19th December 1999

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The hidden hand

The sickly report of a bomb go- ing off has disrupted in an eerie but familiar way, the Presidential election campaign which was at its fag end with polling scheduled for Tuesday.

It's the hidden hand with the diabolical agenda that seems to be operating here; "the fourteenth candidate'', who seems to have shown for around the tenth occasion in recent times his ability to alter the political agenda in the South.

This time, though, he may have botched the operation and not got at his target. But, that hardly makes a difference.

The Presidential election of 1999 now stands irrevocably changed. The duel bombings of a Ja-ela election rally and the President's rally in the Colombo Town Hall premises have spiked the equation. What obtains in the run-up to the Presidential poll is a tense, charged atmosphere in which almost anything can happen, which is in pointed contrast to the acrimonious but relatively peaceful atmosphere that characterized the campaign period after elections were announced a month back.

The incident shows the absurdity of national political theatre in the so-called South. While the protagonists of the political battle are basically tearing each other apart in loud acrimonious verbal duels, the force that now with sickly regularity seems to be changing the course of Sri Lankan politics has spoken with a deafening bang in the process.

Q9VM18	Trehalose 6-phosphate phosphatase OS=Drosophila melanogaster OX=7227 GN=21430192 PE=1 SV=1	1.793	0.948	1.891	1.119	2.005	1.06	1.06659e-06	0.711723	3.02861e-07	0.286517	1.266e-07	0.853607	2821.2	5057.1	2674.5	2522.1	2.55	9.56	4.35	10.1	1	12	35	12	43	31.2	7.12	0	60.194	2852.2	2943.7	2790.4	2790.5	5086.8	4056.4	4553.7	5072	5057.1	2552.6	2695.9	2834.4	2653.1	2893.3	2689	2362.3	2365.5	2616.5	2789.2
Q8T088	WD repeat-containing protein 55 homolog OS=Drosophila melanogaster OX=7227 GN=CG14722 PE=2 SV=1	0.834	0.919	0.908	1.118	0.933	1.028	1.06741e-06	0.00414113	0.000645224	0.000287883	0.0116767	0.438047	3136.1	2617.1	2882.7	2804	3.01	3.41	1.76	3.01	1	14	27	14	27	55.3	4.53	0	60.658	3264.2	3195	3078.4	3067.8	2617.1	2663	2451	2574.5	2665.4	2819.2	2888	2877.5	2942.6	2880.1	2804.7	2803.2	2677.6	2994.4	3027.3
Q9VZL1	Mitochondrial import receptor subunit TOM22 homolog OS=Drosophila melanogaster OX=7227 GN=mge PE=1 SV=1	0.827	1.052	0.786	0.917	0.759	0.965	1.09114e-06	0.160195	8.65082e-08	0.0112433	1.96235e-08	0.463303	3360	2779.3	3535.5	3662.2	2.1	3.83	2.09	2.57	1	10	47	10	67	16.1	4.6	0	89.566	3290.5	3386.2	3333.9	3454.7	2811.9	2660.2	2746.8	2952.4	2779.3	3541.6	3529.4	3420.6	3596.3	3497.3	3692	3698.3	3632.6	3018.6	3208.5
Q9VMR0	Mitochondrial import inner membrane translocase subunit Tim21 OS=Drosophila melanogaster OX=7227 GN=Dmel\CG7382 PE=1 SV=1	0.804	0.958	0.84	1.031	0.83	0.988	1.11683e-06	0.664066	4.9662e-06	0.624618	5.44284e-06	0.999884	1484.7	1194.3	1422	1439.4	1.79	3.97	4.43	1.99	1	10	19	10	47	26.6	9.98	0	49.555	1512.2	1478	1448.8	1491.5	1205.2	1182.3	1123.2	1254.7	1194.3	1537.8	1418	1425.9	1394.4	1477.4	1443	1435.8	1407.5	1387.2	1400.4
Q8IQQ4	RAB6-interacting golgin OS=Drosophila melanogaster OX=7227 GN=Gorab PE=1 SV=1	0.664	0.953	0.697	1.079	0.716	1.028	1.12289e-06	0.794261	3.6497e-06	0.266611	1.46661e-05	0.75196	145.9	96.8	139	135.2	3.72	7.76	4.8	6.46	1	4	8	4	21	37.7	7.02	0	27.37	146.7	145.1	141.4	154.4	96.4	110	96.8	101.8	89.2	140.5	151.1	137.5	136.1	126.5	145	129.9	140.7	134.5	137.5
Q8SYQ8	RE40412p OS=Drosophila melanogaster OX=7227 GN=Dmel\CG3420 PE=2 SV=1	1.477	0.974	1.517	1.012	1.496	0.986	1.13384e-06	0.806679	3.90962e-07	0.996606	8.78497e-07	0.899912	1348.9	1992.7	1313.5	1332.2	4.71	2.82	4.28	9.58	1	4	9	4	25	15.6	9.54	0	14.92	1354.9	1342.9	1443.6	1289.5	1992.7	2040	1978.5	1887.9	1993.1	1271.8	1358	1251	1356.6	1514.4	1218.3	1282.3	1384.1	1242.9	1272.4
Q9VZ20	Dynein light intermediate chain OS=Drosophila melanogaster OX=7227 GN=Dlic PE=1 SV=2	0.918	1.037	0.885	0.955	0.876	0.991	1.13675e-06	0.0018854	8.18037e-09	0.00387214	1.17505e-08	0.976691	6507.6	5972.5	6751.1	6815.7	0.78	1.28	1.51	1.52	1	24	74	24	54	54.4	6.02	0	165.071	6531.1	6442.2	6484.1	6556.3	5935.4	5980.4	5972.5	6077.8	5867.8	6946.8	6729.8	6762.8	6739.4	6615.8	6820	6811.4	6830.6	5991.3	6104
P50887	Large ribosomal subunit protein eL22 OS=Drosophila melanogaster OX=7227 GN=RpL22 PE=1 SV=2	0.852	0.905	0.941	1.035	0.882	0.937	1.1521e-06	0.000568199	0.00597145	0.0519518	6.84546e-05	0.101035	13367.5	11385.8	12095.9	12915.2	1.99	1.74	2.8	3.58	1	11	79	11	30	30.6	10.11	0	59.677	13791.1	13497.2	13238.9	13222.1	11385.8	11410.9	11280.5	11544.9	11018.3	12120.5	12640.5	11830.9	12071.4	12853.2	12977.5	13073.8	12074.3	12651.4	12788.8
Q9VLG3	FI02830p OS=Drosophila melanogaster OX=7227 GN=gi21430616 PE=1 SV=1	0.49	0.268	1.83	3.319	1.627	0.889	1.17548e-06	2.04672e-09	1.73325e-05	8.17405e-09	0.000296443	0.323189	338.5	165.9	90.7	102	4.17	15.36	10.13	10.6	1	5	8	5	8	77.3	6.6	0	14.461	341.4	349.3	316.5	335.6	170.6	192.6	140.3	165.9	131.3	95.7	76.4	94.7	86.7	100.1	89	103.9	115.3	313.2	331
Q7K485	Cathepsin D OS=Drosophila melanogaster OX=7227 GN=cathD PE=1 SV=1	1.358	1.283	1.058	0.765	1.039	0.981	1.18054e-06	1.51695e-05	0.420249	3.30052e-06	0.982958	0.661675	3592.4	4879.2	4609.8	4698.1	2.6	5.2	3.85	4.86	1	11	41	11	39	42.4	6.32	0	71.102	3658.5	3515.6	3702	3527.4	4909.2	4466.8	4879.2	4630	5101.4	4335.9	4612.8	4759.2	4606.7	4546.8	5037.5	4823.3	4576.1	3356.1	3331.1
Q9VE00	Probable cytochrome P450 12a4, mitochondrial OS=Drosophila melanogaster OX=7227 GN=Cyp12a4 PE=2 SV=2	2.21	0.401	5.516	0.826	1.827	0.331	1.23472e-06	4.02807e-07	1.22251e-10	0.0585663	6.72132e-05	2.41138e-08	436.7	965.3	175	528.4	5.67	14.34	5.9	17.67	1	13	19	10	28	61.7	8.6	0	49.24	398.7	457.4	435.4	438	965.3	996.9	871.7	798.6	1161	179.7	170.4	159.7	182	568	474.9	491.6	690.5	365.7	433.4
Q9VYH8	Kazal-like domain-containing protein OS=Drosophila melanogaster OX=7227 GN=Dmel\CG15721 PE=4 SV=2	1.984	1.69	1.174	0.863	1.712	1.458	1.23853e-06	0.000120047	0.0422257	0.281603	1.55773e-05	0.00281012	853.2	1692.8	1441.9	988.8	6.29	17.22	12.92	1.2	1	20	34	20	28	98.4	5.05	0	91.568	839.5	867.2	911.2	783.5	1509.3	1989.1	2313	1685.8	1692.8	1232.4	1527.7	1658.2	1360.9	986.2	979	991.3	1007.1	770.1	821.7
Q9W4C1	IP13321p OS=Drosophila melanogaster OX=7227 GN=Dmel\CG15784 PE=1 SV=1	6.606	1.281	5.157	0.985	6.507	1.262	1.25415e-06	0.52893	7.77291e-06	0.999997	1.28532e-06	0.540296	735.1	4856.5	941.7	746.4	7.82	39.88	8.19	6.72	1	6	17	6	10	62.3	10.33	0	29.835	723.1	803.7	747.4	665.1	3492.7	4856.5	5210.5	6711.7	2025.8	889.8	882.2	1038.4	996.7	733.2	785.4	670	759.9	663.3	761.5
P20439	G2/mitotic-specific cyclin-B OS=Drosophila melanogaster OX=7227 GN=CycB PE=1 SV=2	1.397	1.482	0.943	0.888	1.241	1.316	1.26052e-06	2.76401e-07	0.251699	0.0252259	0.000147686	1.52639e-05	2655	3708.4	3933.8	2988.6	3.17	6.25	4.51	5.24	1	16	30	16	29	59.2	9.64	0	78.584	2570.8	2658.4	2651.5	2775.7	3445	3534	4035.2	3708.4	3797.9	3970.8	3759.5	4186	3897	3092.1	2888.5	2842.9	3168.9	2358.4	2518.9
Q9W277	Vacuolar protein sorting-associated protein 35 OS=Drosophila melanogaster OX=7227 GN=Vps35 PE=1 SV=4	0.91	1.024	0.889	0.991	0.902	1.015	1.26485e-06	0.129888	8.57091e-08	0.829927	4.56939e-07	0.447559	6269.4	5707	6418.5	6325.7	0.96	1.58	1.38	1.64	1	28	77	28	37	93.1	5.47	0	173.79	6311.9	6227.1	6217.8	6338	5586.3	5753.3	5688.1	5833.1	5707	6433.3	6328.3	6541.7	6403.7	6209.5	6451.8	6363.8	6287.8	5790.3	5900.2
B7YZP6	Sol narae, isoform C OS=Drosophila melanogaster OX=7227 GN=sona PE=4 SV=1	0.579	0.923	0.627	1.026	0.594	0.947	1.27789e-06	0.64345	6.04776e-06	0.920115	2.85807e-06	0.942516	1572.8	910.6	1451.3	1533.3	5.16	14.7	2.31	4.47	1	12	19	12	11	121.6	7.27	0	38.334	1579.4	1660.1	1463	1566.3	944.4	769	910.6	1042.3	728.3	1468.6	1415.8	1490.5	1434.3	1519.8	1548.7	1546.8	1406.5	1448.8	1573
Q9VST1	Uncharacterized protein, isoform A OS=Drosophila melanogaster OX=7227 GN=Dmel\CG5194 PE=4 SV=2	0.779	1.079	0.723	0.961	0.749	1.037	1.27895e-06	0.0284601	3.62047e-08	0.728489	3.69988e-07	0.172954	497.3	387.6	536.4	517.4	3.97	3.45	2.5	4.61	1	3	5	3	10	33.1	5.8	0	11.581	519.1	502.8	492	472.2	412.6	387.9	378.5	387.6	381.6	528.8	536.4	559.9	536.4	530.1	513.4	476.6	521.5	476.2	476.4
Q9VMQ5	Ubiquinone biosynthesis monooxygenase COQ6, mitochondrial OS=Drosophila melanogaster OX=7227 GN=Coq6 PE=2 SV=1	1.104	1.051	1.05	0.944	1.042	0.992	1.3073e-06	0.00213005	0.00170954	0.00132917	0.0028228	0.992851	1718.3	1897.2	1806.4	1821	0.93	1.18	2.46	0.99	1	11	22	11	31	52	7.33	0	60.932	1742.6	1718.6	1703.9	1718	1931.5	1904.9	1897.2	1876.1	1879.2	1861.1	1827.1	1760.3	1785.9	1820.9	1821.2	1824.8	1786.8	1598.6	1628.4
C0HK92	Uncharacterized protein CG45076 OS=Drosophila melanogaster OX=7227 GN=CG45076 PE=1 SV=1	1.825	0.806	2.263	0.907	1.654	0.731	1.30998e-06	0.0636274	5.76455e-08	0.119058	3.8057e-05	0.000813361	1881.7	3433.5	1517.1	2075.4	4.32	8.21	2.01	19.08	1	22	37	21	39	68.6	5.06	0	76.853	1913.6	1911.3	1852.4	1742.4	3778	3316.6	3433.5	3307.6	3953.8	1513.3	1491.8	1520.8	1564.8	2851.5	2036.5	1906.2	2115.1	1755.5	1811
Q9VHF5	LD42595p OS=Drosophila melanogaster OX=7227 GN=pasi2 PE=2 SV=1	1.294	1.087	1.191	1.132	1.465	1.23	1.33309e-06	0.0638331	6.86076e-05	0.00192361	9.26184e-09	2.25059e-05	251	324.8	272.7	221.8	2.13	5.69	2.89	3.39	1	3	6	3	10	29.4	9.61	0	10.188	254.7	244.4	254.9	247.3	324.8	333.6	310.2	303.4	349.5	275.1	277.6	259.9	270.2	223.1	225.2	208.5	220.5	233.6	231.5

The two bombs, whose almost simultaneous timing conveys the real possibility that they were part of a general plan to disrupt the ongoing election campaign, make it clear that there is no such thing as a possibility of a peaceful election in the South. The bombs indicate the extent of the complacency in this part of the country due to the almost total distraction of the southern polity by an election campaign that has ignored the reality that the agenda more often than not is written elsewhere in this country.

How many times can the country be disrupted in this manner, and with such absurd regularity, by the audacious machinations of a hidden hand operating from the periphery?

Are we forever condemned to this political pantomime in which our leaders seem often to be tragicomic passengers in a political theatre that is stage-managed by a person who has a penchant for the dramatic, even though of the most diabolical variety?

This must be the political pantomime of the absurd, but at least this bomb blast which came close to killing another Sri Lankan President should not become part of the surreal abstracted montage of events that have characterised political life in the country in the past ten years. There is at least some point at which a nation wakes up to the reality that it is essentially under siege, no matter how absorbing the immediate events of import are in the capital or the rest of the country which enjoys an illusive peace.

If this isn't the wake-up call, just two days before a national Presidential election, it would appear that this country is in a dangerously permanent collective escapist state bordering on the really absurd.

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